|At a Glance|
|Product||Viewsonic NexTV Full HD 1080p network media player (VMP75)|
|Summary||Inexpensive media player with Netflix support and integrated web browser|
|Pros||• Attractive UI
• Extensive video formats supported
• 1080p support
• Built in web browser
|Cons||• Network sharing issues with Mac OS
• Netflix crashes and problems
• Limited Internet services
• No Flash for web browser
It’s clear that in the future, all access to your videos, photos, and music will be over a network. Physical media is on the way out and the rumored bankruptcy filing of Blockbuster is a sign of things to come.
If all of your multimedia files are on the network, you’ll need a gadget to access and play those files in your entertainment center. In this review, I’ll check out one such device, the Viewsonic VMP75. The VM75 is advertised to support numerous multimedia file types, high definition content and integration with the Netflix streaming service. Let’s see how well it works.
If you have Ethernet available in your entertainment center, setting up this little box is not much more difficult than plugging in your network along with the standard audio/video cables. Figure 1, from Viewsonic’s manual, shows the back panel of the unit with all the connectors labeled.
Figure 1: Back panel of the Viewsonic VMP75
This was the first network media player I’ve seen that had a combo eSATA/USB port. It worked fine, but it made connecting cables in the cramped back panel just a little more difficult than a standard port. And what can you plug into these ports?
If you don’t have wired Ethernet available, the VMP75 supports use of various USB WIFI adaptors. For users going this route, see the Viewsonic Web Page for supported models. I don’t have an adaptor myself, so I won’t cover wireless setup or usage in this review.
The USB ports can also be used for a mouse and/or a keyboard, which comes in handy when dealing with some features that require text input. But the main draw of the USB and eSATA ports is for external drives. Load up a disk with your media collection, plug it into the VMP75 and the content is immediately available on your TV. Disk formats of EXT 2/3, NTFS, and FAT 16/32 are supported.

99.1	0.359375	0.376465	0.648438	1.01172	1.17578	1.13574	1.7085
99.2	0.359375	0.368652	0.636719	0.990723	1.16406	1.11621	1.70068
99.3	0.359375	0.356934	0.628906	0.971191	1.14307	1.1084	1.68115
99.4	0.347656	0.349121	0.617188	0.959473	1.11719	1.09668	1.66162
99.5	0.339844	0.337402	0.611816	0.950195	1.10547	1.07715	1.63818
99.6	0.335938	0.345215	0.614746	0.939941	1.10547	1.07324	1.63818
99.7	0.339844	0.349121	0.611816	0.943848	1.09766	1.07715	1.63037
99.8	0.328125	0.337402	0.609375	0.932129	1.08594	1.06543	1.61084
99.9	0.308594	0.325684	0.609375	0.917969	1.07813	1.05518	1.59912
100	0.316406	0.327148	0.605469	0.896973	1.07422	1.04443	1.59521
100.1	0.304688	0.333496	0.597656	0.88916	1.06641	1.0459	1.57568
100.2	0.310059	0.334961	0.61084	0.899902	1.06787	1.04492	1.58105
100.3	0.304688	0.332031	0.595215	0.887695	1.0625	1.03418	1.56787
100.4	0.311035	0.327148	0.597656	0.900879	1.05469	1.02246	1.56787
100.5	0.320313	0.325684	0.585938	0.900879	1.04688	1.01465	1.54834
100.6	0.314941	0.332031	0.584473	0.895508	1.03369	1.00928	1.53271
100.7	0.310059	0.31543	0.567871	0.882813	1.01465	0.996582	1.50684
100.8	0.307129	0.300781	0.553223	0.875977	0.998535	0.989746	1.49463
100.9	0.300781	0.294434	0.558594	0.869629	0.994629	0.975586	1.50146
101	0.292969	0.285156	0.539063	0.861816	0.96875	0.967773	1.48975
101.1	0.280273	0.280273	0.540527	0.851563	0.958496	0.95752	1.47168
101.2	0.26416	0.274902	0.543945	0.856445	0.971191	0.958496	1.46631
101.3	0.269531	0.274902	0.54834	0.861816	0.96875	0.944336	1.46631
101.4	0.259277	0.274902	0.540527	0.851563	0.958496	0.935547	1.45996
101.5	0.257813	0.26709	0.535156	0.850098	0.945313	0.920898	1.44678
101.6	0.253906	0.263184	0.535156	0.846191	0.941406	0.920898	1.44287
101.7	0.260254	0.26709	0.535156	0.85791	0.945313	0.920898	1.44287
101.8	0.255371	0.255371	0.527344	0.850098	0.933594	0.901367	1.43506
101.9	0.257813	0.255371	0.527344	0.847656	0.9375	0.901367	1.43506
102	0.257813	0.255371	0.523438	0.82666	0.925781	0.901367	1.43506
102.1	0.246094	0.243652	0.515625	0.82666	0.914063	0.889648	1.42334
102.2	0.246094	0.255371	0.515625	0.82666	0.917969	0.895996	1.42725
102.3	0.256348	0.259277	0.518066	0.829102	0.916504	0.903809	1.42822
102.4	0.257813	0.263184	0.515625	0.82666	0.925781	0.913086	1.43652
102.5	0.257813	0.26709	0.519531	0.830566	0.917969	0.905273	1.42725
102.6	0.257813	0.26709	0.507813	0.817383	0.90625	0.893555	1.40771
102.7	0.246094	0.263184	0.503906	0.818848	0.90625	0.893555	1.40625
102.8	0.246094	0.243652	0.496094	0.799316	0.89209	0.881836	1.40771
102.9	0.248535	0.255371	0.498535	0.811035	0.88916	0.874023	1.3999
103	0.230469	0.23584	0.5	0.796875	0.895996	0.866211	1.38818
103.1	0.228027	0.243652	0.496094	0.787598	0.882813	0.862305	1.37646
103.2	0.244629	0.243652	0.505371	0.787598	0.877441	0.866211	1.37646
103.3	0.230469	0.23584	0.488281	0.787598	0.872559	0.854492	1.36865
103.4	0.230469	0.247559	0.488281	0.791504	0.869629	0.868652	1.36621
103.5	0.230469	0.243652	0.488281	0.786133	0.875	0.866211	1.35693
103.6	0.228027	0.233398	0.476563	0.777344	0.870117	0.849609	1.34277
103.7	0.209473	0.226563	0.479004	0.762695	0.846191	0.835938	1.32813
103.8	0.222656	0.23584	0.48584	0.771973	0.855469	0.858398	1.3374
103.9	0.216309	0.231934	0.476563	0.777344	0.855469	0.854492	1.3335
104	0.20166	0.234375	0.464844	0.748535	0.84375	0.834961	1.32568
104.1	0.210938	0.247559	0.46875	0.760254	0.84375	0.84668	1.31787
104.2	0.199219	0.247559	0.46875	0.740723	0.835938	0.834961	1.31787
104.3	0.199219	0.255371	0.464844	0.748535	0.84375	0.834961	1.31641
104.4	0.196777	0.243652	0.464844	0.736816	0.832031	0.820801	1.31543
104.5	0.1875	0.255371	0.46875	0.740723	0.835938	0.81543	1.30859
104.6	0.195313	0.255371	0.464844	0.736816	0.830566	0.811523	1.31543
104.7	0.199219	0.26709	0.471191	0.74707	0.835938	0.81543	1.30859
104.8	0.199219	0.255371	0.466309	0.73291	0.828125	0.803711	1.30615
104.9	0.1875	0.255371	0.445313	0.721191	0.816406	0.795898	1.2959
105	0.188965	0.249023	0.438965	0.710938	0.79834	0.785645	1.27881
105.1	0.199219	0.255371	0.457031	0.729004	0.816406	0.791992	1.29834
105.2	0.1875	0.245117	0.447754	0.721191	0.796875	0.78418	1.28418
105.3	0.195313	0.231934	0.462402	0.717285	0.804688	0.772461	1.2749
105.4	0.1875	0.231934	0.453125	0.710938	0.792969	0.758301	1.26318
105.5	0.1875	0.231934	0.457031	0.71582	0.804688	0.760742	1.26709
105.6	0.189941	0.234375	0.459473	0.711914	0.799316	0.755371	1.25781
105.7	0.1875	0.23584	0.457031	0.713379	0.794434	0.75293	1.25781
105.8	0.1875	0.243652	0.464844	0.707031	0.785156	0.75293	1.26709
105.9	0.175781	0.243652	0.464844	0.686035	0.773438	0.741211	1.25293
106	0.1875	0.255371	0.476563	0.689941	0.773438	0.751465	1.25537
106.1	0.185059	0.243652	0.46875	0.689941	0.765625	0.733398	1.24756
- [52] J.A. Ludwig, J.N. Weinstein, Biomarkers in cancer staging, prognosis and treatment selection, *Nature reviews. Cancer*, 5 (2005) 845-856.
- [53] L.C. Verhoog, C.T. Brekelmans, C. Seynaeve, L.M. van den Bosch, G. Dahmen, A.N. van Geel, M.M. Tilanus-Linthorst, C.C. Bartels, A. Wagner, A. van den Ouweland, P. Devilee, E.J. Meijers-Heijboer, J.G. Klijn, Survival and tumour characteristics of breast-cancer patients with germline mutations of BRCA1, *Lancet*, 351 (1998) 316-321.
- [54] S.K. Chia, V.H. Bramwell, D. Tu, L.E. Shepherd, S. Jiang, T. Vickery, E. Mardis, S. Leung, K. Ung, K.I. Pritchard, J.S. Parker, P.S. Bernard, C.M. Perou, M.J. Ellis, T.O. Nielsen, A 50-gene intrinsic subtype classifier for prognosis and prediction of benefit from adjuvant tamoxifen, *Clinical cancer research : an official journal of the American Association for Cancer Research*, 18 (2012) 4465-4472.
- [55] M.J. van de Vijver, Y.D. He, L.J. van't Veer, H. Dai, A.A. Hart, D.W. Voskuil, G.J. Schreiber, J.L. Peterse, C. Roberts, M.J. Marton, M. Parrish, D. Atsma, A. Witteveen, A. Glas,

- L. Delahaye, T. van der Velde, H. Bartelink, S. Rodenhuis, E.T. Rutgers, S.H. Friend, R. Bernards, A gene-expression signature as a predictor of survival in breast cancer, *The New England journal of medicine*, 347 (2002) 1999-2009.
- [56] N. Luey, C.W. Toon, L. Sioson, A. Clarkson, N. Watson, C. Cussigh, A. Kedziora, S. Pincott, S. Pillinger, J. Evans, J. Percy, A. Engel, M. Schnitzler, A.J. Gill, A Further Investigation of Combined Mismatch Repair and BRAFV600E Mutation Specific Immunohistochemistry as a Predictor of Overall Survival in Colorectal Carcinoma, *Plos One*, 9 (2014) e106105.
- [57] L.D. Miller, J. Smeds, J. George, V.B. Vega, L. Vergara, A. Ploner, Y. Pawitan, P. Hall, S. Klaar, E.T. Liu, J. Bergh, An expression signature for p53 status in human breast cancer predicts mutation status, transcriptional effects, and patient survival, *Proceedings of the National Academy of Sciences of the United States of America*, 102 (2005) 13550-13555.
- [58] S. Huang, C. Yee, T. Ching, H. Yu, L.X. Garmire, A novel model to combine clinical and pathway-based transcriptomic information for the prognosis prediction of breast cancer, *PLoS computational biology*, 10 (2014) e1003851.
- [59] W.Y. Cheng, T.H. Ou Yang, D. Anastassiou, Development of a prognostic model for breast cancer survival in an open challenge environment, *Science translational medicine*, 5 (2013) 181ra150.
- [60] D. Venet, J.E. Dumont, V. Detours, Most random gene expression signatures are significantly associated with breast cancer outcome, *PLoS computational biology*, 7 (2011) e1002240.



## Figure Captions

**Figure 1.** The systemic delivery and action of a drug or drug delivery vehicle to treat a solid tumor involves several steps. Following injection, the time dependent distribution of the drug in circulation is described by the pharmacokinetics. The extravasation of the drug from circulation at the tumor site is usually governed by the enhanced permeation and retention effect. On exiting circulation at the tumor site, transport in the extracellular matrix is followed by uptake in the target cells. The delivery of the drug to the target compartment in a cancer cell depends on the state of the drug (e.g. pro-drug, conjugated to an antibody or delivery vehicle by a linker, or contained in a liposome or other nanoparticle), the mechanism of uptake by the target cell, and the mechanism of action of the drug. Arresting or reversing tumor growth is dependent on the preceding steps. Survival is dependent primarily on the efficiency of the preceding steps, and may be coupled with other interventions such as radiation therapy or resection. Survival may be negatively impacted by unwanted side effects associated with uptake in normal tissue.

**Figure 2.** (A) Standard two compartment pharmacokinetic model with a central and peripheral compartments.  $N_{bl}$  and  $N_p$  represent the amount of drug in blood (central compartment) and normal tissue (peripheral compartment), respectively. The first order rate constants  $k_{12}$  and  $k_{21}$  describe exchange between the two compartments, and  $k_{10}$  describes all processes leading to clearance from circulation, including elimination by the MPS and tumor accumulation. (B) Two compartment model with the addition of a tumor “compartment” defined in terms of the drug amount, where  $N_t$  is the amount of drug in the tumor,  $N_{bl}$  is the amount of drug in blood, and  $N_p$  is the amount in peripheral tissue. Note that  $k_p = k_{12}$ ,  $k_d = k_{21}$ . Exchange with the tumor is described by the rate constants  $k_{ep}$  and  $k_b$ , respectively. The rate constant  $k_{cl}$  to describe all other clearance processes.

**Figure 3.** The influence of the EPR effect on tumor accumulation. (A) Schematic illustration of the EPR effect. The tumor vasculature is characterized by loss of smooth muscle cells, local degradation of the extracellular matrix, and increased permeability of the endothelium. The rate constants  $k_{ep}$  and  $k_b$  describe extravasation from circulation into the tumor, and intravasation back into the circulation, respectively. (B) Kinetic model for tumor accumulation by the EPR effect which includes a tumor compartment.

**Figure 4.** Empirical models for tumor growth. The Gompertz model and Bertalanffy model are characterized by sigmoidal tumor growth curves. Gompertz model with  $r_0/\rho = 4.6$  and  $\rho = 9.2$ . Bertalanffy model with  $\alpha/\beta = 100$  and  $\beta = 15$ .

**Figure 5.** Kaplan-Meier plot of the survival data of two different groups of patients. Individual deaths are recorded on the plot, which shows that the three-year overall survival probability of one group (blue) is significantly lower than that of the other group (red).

For controlling the box, you’ll use the remote shown in Figure 2.
Figure 2: VMP75 remote
The remote worked well enough, but it’s not backlit. So if you plan on using the VMP75 in a darkened room, you’ll have to navigate through its numerous buttons by feel.
When you have the box all plugged in and powered up, you’ll notice that it is completely silent, because it uses no fan. As for power-draw, you won’t be footing a big bill for this box. My power-meter registered less than 5 W when the VMP75 was in use and none when turned off.
Once the VMP75 boots and is ready to use, your TV will show the attractive main menu as seen in Figure 3.
Figure 3: VMP75 main menu
First, I’ll explore the Setup menu to see what options we have to configure the box. Figure 4 shows the top-level menu used for configuration.
Figure 4: VMP75 Setup menu
Under Network Setup you’ll find the basic IP address configuration such as DHCP (default), static, DNS settings etc. And if you’re going to set up a wireless adaptor, this is the menu where you’d do it.
Under System Setup there are a number of standard settings for audio and video output, language, screensaver timeout, etc. Note that as far as screensaver, I found that at least once, it failed to turn on, so beware if your TV is susceptible to burn-in.
This menu is also where you’ll set up your zip code so that the weather report shown back in Figure 3 is correct for your location. An interesting setting found in this menu is Hard Disk Share Setup (Figure 5).
Figure 5: Hard Disk Share Setup for the VMP75
This feature allows you to share one of the plugged in drives to your local network and is designed to make it easy to move your multimedia files to the VMP75 for use. In my case though, this feature gave me trouble. When using it from MacOS version 10.6.4, I found that some files would copy and some would fail with cryptic errors.